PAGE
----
Experiences like this shock us into connection with our surroundings, instantly transporting us to a place where we are aware. We look at the birds and the trees, and everything for that matter, with new eyes.
I’ve thought much about our whale experiences in British Columbia. After researching the topic, and in retrospect, we probably should have made more of an effort to avoid being in the path of the whales, for their protection as well as ours. We have since learned that staying a minimum distance of 200 yards away is prudent. It’s actually a law in Canadian waters.
Even though these are baleen whales, which feed on very small sea creatures by sifting water through the baleen filter, I could not help thinking of the Jonah story, especially when one would surface nearby with its mouth wide open!
The thought of a whale the size of a bus lifting our boats into the air is not very appealing. But in truth, we never felt threatened by these intelligent creatures, though more than once they unexpectedly surfaced near enough that it indeed caused a startle.
When immersed in the sounds made by the rippling water being parted by the bow, or feeling the sensations of the sea breeze quietly whispering in your ear in a way that only the sea air can, you feel you are observing the true nature of things. Which is, of course, that we are part of a bizarre, energy-filled, and incredibly beautiful system.
Natural environments seem to have a way of conveying this. While the gentle breeze whispers it to you, finding a whale next to your boat shouts it loud and clear!
Thanks for taking the time to read this post.
Please feel free to leave a comment. We love hearing from you.
Springtime has finally arrived in the Northern Hemisphere! Even though it has been a relatively mild La Nina Winter in Oregon, with some spectacularly sunny days mixed in with the normal clouds and misty rain of our wet season, we welcome the sun and warmth with open arms.
It has been quite a while since my last blog post so I will do my best to fill you in on what we have been up to.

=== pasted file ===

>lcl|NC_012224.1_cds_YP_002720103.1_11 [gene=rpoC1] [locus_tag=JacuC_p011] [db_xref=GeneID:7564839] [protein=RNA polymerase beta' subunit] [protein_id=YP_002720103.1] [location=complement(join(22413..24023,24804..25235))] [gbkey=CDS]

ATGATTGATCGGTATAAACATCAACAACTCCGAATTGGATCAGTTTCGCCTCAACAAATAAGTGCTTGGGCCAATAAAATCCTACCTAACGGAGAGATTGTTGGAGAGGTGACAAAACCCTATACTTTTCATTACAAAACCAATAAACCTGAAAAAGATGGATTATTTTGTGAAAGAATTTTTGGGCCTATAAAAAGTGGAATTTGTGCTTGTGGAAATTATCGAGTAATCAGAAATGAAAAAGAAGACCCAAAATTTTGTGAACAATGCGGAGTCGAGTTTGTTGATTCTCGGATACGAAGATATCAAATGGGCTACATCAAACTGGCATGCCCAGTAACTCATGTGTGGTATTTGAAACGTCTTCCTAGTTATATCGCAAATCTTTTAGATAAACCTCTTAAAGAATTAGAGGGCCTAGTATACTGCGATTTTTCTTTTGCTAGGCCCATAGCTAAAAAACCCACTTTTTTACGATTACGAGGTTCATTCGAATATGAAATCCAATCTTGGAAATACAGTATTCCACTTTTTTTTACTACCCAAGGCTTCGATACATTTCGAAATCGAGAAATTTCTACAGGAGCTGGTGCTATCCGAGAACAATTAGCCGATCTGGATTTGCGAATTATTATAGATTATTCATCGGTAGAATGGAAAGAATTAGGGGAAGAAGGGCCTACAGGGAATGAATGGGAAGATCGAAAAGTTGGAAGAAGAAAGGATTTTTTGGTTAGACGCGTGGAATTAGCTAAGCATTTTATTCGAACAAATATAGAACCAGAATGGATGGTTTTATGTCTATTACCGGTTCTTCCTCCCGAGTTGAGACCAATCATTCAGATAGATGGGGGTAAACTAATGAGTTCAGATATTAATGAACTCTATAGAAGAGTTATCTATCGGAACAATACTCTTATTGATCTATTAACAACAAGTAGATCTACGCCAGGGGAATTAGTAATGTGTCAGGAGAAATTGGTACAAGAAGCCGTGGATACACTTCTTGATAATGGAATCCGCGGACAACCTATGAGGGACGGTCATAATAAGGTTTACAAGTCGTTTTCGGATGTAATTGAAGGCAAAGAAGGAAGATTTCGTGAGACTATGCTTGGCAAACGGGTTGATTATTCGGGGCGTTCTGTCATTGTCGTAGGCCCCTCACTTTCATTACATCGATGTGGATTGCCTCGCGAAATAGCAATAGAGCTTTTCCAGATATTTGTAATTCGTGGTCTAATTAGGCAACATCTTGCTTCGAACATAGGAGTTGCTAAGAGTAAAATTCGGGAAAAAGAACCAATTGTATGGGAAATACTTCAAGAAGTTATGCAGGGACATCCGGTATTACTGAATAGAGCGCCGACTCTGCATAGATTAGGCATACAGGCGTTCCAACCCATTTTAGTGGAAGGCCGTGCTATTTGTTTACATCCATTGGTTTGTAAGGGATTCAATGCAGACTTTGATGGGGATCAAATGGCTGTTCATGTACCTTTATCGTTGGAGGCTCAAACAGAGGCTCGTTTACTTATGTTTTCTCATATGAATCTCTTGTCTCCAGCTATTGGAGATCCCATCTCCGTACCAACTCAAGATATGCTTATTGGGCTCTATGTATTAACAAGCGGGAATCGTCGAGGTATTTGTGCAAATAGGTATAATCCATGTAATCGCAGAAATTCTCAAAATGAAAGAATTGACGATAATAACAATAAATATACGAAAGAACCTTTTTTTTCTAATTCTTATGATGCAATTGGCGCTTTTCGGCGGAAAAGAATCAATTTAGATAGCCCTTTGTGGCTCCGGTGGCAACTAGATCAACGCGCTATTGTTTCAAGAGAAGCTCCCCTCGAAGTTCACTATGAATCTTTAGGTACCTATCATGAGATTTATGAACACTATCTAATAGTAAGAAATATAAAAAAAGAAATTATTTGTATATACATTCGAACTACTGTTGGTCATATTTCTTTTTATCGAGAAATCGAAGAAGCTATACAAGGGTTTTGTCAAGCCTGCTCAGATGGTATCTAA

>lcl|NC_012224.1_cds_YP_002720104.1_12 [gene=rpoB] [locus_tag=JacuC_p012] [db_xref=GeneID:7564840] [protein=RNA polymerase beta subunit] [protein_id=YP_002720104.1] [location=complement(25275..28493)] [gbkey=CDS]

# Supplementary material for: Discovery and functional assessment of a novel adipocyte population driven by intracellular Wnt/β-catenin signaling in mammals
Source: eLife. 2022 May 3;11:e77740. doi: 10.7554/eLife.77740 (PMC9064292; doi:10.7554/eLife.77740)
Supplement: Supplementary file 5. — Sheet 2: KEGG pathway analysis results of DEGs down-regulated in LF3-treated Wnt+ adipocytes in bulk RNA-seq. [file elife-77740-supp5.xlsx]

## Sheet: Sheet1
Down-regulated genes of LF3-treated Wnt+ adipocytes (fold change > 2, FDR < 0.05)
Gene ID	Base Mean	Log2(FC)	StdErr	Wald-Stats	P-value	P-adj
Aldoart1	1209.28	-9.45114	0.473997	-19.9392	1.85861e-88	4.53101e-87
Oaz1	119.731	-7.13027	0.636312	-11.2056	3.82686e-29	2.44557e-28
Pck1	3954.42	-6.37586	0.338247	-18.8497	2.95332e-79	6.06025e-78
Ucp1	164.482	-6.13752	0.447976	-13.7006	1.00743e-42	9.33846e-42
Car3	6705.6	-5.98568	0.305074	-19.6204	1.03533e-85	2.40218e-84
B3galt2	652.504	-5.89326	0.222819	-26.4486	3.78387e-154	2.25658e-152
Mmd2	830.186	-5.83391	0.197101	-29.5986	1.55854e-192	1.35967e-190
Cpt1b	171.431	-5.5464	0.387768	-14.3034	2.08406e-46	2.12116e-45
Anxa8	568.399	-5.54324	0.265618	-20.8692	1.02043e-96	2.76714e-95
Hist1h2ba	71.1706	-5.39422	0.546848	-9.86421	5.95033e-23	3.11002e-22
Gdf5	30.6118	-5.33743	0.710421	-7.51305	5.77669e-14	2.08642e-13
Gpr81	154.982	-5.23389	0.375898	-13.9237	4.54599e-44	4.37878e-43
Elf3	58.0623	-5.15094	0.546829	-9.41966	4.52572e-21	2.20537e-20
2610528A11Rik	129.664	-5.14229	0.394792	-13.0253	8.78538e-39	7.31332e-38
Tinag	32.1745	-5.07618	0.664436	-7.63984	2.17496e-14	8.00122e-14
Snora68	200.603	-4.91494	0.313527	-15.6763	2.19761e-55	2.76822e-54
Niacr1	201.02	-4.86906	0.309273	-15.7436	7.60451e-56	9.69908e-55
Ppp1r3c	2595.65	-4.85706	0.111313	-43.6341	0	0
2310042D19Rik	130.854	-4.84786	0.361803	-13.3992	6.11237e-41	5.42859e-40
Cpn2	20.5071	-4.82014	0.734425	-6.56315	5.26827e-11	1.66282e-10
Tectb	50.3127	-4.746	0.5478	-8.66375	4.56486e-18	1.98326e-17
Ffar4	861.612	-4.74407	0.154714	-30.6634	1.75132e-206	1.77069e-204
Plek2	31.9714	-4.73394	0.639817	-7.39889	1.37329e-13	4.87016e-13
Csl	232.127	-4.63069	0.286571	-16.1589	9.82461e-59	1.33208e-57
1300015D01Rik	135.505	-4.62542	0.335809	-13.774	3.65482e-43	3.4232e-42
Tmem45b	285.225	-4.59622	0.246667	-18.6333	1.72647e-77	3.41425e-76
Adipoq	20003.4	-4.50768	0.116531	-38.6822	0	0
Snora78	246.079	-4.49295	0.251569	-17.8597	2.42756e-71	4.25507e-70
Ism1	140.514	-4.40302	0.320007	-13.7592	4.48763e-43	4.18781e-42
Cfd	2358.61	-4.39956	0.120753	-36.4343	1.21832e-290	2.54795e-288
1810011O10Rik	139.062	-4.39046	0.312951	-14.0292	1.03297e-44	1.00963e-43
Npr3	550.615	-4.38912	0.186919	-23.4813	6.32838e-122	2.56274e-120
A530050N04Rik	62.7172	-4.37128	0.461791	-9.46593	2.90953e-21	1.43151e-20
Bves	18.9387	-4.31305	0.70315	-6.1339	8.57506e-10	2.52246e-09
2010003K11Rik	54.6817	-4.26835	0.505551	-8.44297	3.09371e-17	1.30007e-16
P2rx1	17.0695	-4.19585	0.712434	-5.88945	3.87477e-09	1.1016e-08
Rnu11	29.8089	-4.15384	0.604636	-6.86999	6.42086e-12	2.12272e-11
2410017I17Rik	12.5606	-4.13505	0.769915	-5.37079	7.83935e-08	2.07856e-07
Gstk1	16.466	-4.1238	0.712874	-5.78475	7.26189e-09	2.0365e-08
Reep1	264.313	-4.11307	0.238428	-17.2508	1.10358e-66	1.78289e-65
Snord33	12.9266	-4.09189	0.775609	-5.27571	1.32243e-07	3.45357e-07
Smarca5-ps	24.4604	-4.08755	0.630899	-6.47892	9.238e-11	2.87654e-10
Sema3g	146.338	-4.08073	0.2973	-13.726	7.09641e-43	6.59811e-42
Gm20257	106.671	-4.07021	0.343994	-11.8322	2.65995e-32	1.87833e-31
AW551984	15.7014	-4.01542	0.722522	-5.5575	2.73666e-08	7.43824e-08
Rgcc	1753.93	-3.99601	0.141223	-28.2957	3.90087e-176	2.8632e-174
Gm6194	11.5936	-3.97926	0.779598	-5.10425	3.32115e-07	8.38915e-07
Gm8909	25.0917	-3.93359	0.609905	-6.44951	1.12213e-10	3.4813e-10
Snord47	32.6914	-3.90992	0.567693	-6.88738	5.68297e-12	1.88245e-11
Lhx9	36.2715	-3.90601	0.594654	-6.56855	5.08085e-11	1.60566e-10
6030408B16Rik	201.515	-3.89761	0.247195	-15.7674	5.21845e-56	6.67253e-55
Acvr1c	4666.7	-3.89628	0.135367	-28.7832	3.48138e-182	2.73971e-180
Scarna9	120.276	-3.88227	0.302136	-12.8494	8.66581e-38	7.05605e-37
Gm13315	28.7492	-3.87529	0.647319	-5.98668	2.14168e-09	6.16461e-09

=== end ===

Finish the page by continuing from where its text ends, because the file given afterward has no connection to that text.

Patti’s truck with Spring back orders ready to ship
Patti and I have been hard at work answering e-mails and building sailing rigs for kind people all over the world. We thank each and every one of you for your support. People are starting to find out about us!
On the weekends and after work we’ve been trying to squeeze in as much paddle-sailing as possible.
Orchard in bloom
You may not know that the sail loft is located in the lower half of an old farm house. We rent the house from a local orchardist and live upstairs. The place is surrounded by thirty beautiful acres of pear trees, and for a few weeks each Spring the blossoms transport us into a magical wonderland of cottony beauty. We enjoy this time of year very much. As an added bonus, the loft is only a few minutes from a terrific launch site on the Columbia River.
Patti and I have been having fun paddle-sailing in the Columbia. Our new skin boats are a real pleasure to sail.
For some reason Springtime seems to activate an instinctual fishing gene in some people. I’m not sure why, but the vernal change has this effect on me as well. On Saturday, while Patti dug up soil in our food garden, I felt compelled to head up to our local mountain lake for some trolling.
This small but lovely body of water holds a healthy population of rainbow and native bull trout, both of which respond well to trolled flies.
One of the tricks to trolling under sail is being able to control ones boat speed. It’s often easiest to regulate the speed of trolled baits while sailing to windward. By turning a boat up-wind and sailing on a very close reach, the boat speed will decrease. To pull the bait faster, one just needs to bear off the wind until the desired speed is reached. For trolling on a beam reach, a simple adjustment to the main sheet is often all that is required. The sheet may need to be let all the way out in order to keep the boats speed slow enough for trolling. I find that sheeting the sail all the way in, and effectively stalling the foil, can also be a good way to reduce speed, especially if heading down wind. This “stall” technique goes against most sailboat racer’s instincts, but for fishing, especially for slower fresh water fish, a slow speed is often needed.
Can you see the nest?
Saturday was an absolutely beautiful day with a clear sky and unseasonably mild temperature. One of the attributes of this little lake is an audible purity that results from a total absence of motorized craft. The only sounds that I could hear was the gentle swish my paddle blade dipping into the water, the occasional trout splashing on the surface, and a chirping song of ospreys (fish hawks). I could clearly hear what sounded like two baby ospreys calling from a nest high in a tree on the west bank. It seems that some ambitious bird lover had somehow climbed to the top of this incredibly tall tree and nailed together a wooden nesting platform for them.